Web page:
Tech tools help legal-services providers learn from each other
Legal-services workers at the International Institute of the Bay Area’s Redwood City office recently found themselves covering new ground. Their client, a victim of a crime in the United States, had been granted a U visa, which gives immigrants temporary legal status during a criminal investigation. Trouble arose when the client was picked up by immigration authorities and sent home to Mexico before receiving the visa.
International Institute staff suddenly had a sea of paperwork and international bureaucracies to navigate. But they had a place to turn: the UCommunity wiki (www.ucommunity.org), a technology hub and content repository that gives legal practitioners the most up-to-date information about the U visa program.
“We used the UCommunity to find other practitioners who had already gone through this process and to find out how they did it,” Says Sheryl Muñoz-Bergman, San Mateo County program coordinator at the institute. “We got the proper contact info at the U.S. consulate and learned how to get our client back into the country.”
The UCommunity wiki, used by more than 20 seasoned legal-services workers in San Mateo and Santa Clara counties, was funded by a grant from Silicon Valley Community Foundation and developed in partnership with the Immigrant Legal Resource Center and Immigration Advocates Network. On the wiki, legal services providers can find current U visa information, archives of meeting notes, podcasts about pertinent issues, and a forum where they can discuss their experiences. The wiki fits the community foundation’s goal of strengthening the local legal infrastructure, says grantmaking director Manuel Santamaria.
“So many folks are still using paper-and-pencil files,” Santamaria says, adding that paper-and-pencil files don’t talk to each other. “What we want to create here in our region is a network of legal-service providers that is robust, nimble and able to access the most up-to- date information. The only way we can do that is by using new technology.”
The U visa program was a natural fit for testing a wiki, says Sally Kinoshita, deputy director of ILRC and a content editor for UCommunity. It has grown tremendously with new regulatory oversight. In 2009, the government received about 6,000 applications. In 2010, it reached the 10,000-applicant cap by July 15.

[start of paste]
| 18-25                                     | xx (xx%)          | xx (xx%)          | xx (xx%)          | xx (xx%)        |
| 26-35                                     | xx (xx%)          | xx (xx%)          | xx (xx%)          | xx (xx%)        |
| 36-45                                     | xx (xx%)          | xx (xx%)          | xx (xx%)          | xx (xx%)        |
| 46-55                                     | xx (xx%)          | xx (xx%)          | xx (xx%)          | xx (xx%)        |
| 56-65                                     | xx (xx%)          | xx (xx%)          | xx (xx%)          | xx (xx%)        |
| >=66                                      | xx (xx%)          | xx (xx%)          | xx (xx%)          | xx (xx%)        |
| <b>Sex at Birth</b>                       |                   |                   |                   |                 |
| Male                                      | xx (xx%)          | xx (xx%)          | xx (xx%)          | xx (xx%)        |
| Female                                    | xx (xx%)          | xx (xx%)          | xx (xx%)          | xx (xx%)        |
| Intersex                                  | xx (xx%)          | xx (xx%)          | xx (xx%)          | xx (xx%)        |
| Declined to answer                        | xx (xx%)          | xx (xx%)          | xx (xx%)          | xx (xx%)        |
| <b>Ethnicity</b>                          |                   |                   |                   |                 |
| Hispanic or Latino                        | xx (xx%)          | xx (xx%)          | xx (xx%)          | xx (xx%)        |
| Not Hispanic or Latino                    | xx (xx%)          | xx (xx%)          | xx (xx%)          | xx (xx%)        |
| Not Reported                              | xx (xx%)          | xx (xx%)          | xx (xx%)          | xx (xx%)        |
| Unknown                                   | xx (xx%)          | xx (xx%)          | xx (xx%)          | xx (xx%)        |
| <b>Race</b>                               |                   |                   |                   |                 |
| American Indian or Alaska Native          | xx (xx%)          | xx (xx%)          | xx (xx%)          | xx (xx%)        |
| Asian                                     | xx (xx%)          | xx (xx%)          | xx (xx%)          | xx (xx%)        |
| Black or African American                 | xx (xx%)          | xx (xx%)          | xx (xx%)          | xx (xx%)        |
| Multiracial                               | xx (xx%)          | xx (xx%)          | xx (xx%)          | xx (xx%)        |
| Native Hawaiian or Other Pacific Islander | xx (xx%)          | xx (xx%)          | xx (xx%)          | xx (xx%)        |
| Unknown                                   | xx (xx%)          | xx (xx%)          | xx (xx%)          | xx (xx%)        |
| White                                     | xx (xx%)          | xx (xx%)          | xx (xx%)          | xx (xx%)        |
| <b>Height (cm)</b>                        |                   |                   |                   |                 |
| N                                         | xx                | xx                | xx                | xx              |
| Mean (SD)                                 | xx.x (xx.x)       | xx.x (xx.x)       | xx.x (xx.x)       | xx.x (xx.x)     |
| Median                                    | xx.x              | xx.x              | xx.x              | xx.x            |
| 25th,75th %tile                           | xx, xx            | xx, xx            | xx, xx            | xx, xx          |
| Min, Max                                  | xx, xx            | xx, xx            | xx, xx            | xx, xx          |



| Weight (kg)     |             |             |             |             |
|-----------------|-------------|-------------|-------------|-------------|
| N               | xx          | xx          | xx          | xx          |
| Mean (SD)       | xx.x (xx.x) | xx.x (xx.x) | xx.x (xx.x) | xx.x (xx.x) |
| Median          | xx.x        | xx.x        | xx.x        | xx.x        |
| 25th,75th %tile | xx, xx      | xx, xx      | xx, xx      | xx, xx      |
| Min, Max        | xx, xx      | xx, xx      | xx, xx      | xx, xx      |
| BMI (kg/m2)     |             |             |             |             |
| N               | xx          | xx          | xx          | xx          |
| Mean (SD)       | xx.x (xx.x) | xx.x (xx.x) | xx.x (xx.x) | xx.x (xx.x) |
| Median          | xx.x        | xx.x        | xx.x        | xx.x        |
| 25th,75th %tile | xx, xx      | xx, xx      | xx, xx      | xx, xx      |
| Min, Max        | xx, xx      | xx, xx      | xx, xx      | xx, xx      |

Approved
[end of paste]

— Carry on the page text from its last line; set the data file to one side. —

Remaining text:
U visas are designed to make it easier for victims of violent crimes, such as domestic abuse, to step forward and help law enforcement without fear of being prosecuted because of their legal status. It’s a positive sign that more victims are using the program, Kinoshita says, but it also means an influx of cases and questions for law enforcement agents and legal-services providers.
“What we have on the wiki — and one reason it requires a password to access — is which law enforcement agencies have been contacted, who the best contact person is, how they prefer to be contacted, what forms they need, and other tips on the best way to proceed,” Kinoshita says. That sort of insider insight can smooth the process for volunteers, victims and law enforcement agents alike.
Both Kinoshita and Santamaria view this technology based approach to U visas as an experiment to expand upon for broader immigration issues, particularly as the legal landscape continues to shift. For example, the community foundation recently awarded a $150,000 grant to ILRC to develop CitizenshipWorks, a web portal designed to provide both immigrants and the legal-services providers who serve them with resources, information and interactive tools.
“We wanted to use an existing collaborative to try technology tools as a way to improve our collaboration and our work,” Kinoshita says of UCommunity, “so that we can scale up to something big, like legalization, if that passes sometime in the future.” —Chris Blose